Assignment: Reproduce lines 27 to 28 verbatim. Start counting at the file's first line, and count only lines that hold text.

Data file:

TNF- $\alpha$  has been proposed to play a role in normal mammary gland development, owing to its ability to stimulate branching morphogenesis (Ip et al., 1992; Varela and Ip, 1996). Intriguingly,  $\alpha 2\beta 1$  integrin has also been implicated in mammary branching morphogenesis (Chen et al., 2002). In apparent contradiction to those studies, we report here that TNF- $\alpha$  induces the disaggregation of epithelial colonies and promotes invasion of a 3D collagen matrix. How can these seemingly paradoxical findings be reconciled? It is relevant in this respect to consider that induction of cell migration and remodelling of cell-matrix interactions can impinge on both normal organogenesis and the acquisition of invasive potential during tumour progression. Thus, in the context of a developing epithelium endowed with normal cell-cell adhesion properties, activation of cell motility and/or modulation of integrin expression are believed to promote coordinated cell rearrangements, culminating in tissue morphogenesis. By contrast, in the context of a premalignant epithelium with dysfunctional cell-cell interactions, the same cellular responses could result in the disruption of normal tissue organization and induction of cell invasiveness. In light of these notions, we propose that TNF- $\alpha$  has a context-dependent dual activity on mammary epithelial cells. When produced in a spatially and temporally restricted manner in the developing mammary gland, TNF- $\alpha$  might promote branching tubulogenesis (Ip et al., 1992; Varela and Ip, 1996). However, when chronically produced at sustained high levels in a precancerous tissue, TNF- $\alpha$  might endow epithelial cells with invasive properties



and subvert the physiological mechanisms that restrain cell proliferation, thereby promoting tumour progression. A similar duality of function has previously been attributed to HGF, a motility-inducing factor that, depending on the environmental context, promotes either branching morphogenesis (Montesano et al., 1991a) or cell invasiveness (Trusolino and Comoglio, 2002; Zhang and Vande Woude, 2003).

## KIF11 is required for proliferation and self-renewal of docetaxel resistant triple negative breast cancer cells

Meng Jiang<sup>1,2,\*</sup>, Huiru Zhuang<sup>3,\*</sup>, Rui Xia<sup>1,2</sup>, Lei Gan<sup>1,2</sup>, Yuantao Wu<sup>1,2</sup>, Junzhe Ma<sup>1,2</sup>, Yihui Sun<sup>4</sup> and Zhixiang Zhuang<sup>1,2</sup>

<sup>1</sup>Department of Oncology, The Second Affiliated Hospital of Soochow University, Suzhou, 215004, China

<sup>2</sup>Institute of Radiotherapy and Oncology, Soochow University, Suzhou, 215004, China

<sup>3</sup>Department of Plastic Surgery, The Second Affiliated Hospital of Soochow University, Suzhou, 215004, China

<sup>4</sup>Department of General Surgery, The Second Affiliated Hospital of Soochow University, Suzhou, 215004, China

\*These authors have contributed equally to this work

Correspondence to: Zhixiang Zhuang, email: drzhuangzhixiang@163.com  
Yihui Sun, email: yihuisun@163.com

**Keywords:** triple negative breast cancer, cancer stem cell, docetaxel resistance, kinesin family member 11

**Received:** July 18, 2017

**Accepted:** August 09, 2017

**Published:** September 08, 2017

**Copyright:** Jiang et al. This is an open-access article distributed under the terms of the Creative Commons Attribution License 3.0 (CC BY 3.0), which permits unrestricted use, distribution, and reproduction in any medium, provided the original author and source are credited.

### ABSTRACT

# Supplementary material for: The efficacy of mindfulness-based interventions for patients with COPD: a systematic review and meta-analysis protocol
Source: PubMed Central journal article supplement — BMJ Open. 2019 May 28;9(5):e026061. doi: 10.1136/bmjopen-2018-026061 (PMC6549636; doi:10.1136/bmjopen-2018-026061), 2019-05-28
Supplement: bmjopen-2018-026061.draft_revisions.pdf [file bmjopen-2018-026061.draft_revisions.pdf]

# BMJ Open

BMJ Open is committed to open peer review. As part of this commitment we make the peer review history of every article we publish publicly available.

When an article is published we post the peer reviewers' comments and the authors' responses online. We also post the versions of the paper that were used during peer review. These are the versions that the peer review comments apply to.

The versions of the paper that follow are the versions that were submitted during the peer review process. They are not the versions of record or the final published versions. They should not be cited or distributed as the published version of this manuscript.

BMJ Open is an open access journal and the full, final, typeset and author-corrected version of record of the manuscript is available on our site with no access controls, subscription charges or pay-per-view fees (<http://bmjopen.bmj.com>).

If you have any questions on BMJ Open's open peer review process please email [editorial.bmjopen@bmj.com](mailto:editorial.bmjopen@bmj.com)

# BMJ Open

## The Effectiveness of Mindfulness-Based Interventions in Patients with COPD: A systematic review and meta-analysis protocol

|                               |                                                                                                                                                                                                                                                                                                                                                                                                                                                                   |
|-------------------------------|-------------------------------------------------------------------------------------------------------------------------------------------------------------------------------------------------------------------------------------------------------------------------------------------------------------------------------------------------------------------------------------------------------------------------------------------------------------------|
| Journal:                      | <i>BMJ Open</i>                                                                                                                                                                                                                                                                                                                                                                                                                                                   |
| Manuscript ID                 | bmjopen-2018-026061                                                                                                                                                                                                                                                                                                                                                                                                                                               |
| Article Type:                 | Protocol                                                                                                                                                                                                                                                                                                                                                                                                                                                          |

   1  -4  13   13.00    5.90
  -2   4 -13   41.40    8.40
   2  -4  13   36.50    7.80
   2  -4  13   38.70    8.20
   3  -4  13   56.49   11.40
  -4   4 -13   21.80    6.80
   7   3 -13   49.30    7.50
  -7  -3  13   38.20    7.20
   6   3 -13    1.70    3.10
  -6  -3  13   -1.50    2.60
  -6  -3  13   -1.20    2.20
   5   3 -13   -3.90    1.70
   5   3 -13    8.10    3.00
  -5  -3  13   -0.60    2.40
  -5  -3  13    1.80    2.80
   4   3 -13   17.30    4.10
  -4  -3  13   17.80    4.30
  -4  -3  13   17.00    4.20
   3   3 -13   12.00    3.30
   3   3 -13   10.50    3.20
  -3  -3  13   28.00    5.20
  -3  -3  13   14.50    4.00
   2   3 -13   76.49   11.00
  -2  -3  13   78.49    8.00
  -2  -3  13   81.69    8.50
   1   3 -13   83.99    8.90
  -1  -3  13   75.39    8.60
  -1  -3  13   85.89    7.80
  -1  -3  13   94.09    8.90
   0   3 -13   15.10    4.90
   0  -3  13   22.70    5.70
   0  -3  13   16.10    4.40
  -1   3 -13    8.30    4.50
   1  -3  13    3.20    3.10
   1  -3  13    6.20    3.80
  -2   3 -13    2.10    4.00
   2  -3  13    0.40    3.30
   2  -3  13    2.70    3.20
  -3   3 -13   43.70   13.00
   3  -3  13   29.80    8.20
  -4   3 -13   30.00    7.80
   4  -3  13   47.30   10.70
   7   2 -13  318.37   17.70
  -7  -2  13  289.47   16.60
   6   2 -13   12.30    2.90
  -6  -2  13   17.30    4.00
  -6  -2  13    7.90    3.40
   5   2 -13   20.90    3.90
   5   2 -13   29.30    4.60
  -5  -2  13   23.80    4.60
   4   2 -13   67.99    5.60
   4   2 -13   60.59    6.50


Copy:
# BMJ Open

## The Effectiveness of Mindfulness-Based Interventions in Patients with COPD: A systematic review and meta-analysis protocol